The following appeared in the Oct. 4 issue The Catholic Spirit, newspaper of the Diocese of Metuchen, New Jersey. It was written for Respect Life Month (October) by Dr. Angela Lanfranchi, a breast cancer surgeon and member of a member of Our Lady of Lourdes Parish in Whitehouse Station, New Jersey.


Dr. Angela Lanfranchi

St. Paul IV’s famous 1968 encyclical “Humanae Vitae” informed us that the unitive and procreative aspects of the marital act should not be separated by artificial contraception, including the pill.

At the present time, 9 million women in the United States are taking the pill. What most don’t know is that in 2005 the World Health Organization’s International Agency on Research of Cancer listed the pill as a group 1 carcinogen for breast cancer, the same group that holds cigarettes as a cause of lung cancer.

According to a 2011 study by Alison Parkin in the British Journal of Cancer, 15 percent of premenopausal breast cancer is attributable to the pill. This means 16,000 new cases of breast cancer per year could be eliminated if women stopped using the pill. In the United States, 82 percent of all women of reproductive age have unknowingly taken these carcinogens. They don’t know the drugs in the pill are the same drugs in higher and more potent forms that are in hormone replacement therapy, or HRT, which their mothers abandoned in droves when they learned they caused breast cancer.


Why don’t they know that oral contraceptives are the same drugs their mothers abandoned in droves? Young women need to demand the truth when they are facing decisions that could increase their risk of becoming one more of the 2.5 million breast cancer survivors there are today.

According to the Centers for Disease Control and Prevention, the yearly failure rate for the pill is 8 percent, resulting in 720,000 unplanned pregnancies a year, which result in over 300,000 induced abortions a year.

A young woman presents to a pregnancy resource center. She is pregnant. Abortion cannot turn back the clock. Her decision whether to have her child or to have an abortion will impact her risk of breast cancer in the future. When conception occurred, even before implantation when some say her pregnancy will begin, that embryo has secreted human chorionic gonadotropin, or HCG. This hormone that women test for using a store-bought pregnancy kit has already caused permanent changes in her breasts. They have started to get bigger by making more milk, producing glands in response to the estrogen and progesterone her ovaries are making now that she is pregnant.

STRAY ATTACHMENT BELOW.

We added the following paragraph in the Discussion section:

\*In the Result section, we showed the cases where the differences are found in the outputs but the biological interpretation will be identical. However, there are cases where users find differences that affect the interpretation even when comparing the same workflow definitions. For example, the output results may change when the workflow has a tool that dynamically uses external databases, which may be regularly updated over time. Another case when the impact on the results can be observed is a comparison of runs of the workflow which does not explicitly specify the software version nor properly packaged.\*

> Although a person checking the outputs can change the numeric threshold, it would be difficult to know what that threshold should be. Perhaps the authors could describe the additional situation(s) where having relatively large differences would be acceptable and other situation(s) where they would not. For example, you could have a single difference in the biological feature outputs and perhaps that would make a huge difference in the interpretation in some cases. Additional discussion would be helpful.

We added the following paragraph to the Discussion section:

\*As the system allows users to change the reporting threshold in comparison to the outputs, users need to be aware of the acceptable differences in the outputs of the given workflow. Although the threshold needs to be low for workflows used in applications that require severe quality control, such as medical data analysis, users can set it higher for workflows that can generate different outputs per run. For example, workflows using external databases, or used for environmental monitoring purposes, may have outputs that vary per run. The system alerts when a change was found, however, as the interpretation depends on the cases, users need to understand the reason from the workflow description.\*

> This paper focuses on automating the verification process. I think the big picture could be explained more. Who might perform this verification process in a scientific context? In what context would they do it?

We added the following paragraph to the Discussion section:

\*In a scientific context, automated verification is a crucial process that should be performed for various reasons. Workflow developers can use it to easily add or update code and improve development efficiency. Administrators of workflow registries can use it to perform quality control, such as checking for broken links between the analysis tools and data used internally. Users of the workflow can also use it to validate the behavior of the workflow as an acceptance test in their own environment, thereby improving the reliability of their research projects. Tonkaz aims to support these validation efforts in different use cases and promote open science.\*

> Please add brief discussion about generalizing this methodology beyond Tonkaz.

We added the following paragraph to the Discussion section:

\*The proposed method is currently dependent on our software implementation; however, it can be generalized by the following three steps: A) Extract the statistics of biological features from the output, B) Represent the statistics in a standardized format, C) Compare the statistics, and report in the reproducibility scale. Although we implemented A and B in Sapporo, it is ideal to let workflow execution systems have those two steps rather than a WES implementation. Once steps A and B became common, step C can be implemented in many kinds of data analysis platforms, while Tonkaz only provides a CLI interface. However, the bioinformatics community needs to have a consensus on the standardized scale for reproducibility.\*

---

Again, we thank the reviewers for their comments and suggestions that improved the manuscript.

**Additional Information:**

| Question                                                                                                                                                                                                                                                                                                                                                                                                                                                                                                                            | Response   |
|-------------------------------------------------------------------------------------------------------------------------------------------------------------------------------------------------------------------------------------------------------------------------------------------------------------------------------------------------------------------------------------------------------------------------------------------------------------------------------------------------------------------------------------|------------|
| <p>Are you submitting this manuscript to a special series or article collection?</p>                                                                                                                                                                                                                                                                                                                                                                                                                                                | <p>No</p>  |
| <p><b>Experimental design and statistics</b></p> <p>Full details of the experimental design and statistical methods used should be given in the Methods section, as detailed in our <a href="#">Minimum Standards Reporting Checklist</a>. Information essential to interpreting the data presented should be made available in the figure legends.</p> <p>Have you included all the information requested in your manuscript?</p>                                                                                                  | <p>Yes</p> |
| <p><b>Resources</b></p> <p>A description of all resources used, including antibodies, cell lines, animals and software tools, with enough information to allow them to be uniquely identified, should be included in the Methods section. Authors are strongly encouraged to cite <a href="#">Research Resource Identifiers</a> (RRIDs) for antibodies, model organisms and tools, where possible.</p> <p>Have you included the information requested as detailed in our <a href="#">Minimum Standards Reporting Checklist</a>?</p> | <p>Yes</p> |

Does that pregnant young woman not have a right to know these facts before she makes that decision impacting not only the life or death of her fetus/child (depending upon the decision she will make) but her own as well?

Young women are fully aware that younger and younger women are getting breast cancer; their friends, family and co-workers have suffered from it. In fact, since 1973 non-invasive breast cancer incidence has increased 400 percent. Since 2003, the American Cancer Society changed its reporting of breast cancer statistics to the public by excluding non-invasive breast cancers so that now women only hear the numbers for invasive breast cancers, which have increased a mere 40 percent since 1973.


Yet women still get mastectomies, radiation and hormonal treatments that put them into instant menopause for these non-publicized, non-invasive cancers. Their fertility ends with those hormonal treatments. Even though between 97 percent and 99 percent of women are cured of non-invasive cancers, they should know those facts that increase and decrease their risk for any breast cancer.

Every physician acknowledges that a full-term pregnancy protects a woman from breast cancer by differentiating her breast tissue, thereby making it cancer resistant. In fact, after the National Cancer Institute’s workshop on early reproductive risks and breast cancer in 2003, Leslie Bernstein, Ph.D. and workshop leader, was quoted in an interview the day of the workshop’s conclusion that the findings clearly show, “the biggest bang for the buck is the first birth and the younger you are the better off you are,” adding that women should not make life-altering decisions based on these findings.

That’s Bernstein’s opinion. Many women would disagree. Shouldn’t it be the pregnant woman who decides what’s important to her in her unique set of circumstances? What if her mother had breast cancer at an early age? What if she had other risks? In her case, having a child, even if adoption was the best option for her, would reduce her risk.

Bernstein went on to reveal in that interview that she wanted to keep abortion out of the “discussion” of breast cancer risk. That was clear. But was it right not to fully inform the public? Even without an independent risk acknowledged, abortion delays a full-term pregnancy for that woman, and for each year it is delayed her risk of premenopausal breast cancer increases 5 percent a year. A woman who has a full-term pregnancy at 18 years old has more than a 50 percent lower risk of breast cancer than a woman who waits until she is 30 to have her first full-term pregnancy.

All women have a right to know what those in the medical field have known for years. Especially if they are taking a group 1 carcinogen for a non-disease, fertility.